That other DLL used a global setting to solve a local problem. Given the problem "How do I get my calls to snprintf to use the German locale settings?" they decided to change all calls to snprintf to use the German locale settings, even the calls that didn't originate from the DLL itself. What if the program hosting the shell extension had done a set­locale(LC_ALL, "French")? Tough noogies; the rogue DLL just screwed up the host program, which wants to use French locale settings but is now being forced to use German ones. The program probably won't notice that somebody secretly replaced its coffee with Folgers Crystals. It'll be a client who notices that the results are not formatted correctly. The developers of the host program, of course, won't be able to reproduce the problem in their labs, since they don't have the rogue shell extension, and the problem will be classified as "unsolved."

    What both the rogue shell extension and the original customer's shell extension should be using is the _l variety of string formatting functions (in this case _snprintf_l, although _snprintf_s_l is probably better). The _l variety lets you pass an explicit locale which will be used to format that particular string. (You create one of these _locale_t objects by calling _create_locale with the same parameters you would have passed to set­locale.) Using the _l technique solves two problems:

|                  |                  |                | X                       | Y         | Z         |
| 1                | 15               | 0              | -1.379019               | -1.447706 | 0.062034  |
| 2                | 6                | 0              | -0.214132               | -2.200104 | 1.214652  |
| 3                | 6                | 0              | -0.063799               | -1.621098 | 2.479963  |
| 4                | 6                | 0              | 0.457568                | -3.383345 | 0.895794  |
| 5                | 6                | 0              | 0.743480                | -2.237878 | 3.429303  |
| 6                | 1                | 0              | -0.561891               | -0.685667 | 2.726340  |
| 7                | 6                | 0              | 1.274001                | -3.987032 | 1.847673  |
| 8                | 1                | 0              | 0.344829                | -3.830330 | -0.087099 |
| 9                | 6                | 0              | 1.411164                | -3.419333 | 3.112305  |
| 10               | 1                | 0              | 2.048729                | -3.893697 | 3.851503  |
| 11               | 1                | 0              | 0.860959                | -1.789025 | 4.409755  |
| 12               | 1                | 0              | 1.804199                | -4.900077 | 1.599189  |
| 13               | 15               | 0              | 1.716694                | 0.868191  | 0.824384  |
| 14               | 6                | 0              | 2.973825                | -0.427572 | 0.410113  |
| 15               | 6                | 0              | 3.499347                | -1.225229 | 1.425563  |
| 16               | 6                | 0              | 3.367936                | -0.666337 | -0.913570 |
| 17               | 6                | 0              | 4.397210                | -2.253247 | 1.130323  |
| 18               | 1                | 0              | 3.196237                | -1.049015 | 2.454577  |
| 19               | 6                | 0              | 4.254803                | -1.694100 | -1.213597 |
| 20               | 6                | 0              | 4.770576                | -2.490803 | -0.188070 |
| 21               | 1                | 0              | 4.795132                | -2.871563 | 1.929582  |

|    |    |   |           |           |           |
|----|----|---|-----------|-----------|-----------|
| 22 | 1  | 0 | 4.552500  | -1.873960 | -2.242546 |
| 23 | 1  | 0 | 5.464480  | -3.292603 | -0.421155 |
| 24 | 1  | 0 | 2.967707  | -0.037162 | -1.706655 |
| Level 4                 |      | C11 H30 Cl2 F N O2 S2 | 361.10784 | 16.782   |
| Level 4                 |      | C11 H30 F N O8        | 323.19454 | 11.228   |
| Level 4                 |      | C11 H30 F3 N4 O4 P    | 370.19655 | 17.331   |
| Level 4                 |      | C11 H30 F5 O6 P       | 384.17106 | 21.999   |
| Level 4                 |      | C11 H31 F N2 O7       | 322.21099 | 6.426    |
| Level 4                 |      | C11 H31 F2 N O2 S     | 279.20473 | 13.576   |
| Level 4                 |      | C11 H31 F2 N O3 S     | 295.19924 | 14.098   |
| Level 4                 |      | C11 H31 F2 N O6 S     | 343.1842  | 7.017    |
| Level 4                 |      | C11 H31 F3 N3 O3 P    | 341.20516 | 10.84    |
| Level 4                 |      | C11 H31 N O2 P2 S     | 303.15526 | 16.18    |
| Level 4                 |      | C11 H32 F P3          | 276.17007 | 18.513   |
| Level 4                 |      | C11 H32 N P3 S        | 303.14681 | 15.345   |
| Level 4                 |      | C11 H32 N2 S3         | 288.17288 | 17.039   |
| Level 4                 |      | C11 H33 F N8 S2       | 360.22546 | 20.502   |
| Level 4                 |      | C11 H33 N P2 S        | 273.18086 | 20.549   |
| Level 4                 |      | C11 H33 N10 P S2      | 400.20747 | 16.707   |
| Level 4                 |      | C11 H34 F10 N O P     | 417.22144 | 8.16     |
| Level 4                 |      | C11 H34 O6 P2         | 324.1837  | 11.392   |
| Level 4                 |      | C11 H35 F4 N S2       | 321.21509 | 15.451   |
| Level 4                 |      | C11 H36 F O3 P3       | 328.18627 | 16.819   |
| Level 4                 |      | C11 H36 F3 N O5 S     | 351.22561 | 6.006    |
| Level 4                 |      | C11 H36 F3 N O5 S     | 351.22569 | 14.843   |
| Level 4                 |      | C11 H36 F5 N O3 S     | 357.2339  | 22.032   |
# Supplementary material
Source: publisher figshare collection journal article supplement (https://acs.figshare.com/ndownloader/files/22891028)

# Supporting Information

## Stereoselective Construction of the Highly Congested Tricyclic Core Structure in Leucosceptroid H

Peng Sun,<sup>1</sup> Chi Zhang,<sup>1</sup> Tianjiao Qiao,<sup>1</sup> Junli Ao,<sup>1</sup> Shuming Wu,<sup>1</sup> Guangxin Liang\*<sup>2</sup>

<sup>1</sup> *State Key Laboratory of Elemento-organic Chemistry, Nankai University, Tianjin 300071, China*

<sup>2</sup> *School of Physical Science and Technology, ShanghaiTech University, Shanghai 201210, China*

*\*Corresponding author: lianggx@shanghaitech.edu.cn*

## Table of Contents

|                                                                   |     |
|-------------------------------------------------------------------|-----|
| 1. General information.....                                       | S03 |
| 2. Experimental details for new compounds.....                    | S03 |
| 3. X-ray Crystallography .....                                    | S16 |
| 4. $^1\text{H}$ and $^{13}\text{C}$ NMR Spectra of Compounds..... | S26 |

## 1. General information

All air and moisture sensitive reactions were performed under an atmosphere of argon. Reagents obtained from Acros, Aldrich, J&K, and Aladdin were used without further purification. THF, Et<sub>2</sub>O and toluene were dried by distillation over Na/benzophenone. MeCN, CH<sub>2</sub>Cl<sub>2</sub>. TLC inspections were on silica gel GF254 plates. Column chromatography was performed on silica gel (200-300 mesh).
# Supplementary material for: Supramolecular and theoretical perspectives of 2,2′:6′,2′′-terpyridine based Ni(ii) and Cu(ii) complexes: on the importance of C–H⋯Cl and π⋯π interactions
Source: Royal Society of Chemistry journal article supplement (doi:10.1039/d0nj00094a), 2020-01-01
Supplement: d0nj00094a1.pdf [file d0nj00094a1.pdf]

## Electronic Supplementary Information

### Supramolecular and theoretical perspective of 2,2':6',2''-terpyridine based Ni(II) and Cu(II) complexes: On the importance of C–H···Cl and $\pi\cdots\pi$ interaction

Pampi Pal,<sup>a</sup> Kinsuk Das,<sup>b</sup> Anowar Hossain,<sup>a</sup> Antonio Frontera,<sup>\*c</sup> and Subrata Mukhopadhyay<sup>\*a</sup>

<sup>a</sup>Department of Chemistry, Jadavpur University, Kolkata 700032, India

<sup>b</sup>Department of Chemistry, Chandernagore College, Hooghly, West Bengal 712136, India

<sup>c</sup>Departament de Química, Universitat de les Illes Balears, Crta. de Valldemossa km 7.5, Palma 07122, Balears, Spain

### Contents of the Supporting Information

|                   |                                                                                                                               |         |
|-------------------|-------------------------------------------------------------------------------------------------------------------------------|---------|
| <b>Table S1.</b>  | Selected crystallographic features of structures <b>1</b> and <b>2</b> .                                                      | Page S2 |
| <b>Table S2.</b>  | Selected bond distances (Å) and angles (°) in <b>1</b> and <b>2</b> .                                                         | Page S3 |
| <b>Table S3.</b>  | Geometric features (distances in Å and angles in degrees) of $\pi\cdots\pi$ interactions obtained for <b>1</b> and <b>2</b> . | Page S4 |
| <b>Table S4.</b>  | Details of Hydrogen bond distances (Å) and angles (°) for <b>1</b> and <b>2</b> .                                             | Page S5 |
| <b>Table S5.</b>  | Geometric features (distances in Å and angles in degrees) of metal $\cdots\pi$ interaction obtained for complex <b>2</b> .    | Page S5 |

1. It lets you apply a local solution to a local problem. The locale you specify applies only to the specific call; the process's default locale remains unchanged.
    2. It allows you to ensure that you get the locale you want even if the host process has set a different locale.

    If either the customer's DLL or the rogue DLL had followed this principle of not using a global setting to solve a local problem, the conflict would not have arisen.

  • The Old New Thing

    Random musings on the introduction of long file names on FAT


    Tom Keddie thinks that the format of long file names on FAT deserves an article. Fortunately, I don't have to write it; somebody else already did.

    So go read that article first. I'm just going to add some remarks and stories.

    Hi, welcome back.